Automated Bee Waggle Dance Interpretation

In 1945, Dr. Karl von Frisch published his discovery that the Western honeybee, Apis mellifera, communicates the polar coordinates of a located food source to other members of her colony through a cyclic waggle dance. Our current goal in the Bee Research Group is to use machine vision, machine learning, system identification, and control theory to build a real-time interpreter of the honeybee waggle dance that interprets the meaning of the dance for human viewers. The design of such a tool would be a step forward in providing fast quantitative measurements for agricultural and ecological health. A live stream of our beehive may be found here:

Automated Water Management

Conservation of water resources is critical in many places of the world, including the American West. Current technologies enabling flow instrumentation and the remote control of automated gates and release mechanisms at dams facilitate our systematic modeling and control of complex river systems. Real-time flow data related to our work for the modeling and control of the Piute Reservoir and the Sevier River in Central Utah can be found at

Modeling, Identification, and Control of Crop Systems

Crop systems are a special class of production systems that depend on plant genetics, local ecology, soil chemistry, physical topography, weather, and management practices. Understanding these systems is particularly important to support an exploding global population without destroying natural resources. Moreover, new technologies bring new opportunities for sensing, actuating, and driving decisions with extensive data reserves. This project considers the modeling, identification and control of these complex systems.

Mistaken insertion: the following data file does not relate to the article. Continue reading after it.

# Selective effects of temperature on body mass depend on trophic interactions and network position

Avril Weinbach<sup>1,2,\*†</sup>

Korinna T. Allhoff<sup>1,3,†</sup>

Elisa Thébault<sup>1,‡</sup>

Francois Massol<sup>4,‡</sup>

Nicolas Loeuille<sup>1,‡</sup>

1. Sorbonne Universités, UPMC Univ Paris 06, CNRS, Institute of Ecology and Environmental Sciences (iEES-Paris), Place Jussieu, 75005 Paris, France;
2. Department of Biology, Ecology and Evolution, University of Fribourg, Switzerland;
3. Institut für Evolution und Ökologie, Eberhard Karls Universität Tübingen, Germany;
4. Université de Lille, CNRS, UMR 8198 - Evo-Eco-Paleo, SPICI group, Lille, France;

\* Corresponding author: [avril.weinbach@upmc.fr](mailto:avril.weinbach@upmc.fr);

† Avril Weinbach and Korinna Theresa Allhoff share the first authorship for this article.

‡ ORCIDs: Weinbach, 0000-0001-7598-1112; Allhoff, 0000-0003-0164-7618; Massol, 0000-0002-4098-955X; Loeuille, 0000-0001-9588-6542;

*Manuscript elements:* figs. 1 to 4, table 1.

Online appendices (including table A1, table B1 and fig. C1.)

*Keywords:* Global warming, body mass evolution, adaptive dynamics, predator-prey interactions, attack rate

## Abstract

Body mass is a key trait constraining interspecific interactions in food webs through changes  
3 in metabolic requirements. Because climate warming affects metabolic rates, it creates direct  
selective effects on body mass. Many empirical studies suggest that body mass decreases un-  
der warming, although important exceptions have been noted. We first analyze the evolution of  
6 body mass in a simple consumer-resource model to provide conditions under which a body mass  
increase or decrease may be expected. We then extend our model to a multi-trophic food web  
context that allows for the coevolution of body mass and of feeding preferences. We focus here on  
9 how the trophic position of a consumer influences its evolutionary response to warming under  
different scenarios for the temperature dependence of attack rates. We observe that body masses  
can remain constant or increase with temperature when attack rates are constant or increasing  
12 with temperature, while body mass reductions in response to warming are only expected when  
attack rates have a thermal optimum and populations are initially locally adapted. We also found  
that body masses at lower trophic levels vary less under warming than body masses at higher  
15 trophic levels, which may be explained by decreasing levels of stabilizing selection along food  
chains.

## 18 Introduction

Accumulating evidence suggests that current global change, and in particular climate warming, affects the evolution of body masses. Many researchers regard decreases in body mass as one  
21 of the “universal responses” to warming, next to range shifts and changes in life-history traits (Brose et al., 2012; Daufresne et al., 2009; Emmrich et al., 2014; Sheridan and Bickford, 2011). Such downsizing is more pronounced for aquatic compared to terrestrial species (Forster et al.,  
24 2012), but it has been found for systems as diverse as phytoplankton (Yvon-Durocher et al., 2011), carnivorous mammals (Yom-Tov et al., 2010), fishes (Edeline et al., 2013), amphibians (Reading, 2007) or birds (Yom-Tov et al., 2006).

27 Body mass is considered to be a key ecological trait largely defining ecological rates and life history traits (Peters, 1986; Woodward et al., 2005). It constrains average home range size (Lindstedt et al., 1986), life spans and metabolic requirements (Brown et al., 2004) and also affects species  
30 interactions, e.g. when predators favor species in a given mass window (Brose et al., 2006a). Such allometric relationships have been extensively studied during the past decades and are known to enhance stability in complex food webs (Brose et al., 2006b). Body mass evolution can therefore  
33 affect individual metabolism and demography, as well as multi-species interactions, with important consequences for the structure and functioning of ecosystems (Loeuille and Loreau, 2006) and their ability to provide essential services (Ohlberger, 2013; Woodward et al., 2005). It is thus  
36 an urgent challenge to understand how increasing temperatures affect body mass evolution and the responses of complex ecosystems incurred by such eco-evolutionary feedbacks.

Network Reconstruction

One of the key problems in analyzing complex systems is estimating a system’s network structure given only input/output data. This problem arises in a variety of applications, but especially in systems biology where scientists want to understand how various protein interactions and signaling “pathways” result in particular cellular dynamics. This project, in collaboration with Professor Jorge Goncalves and the Control Systems Group at Cambridge University, explores implications of the graphical structure of a decision processes on the achievable dynamics of the entire system.



Symbiosis refers to the long term, close association of two or more individuals of different species. We are interested in learning about the network structure of cooperation in competitive environments from symbiotic interactions. Specifically, we have studied how leafcutter ants and the mutualistic fungus they cultivate are affected by populations of mutualistic bacteria and parasitic fungi. One of the species of parasitic fungi attack the bacteria, causing it to produce an antibiotic in self-defense that also happens to kill the other parasitic fungi. Understanding how to model these complex relationships suggests new ways for thinking about the “structure” of complex systems.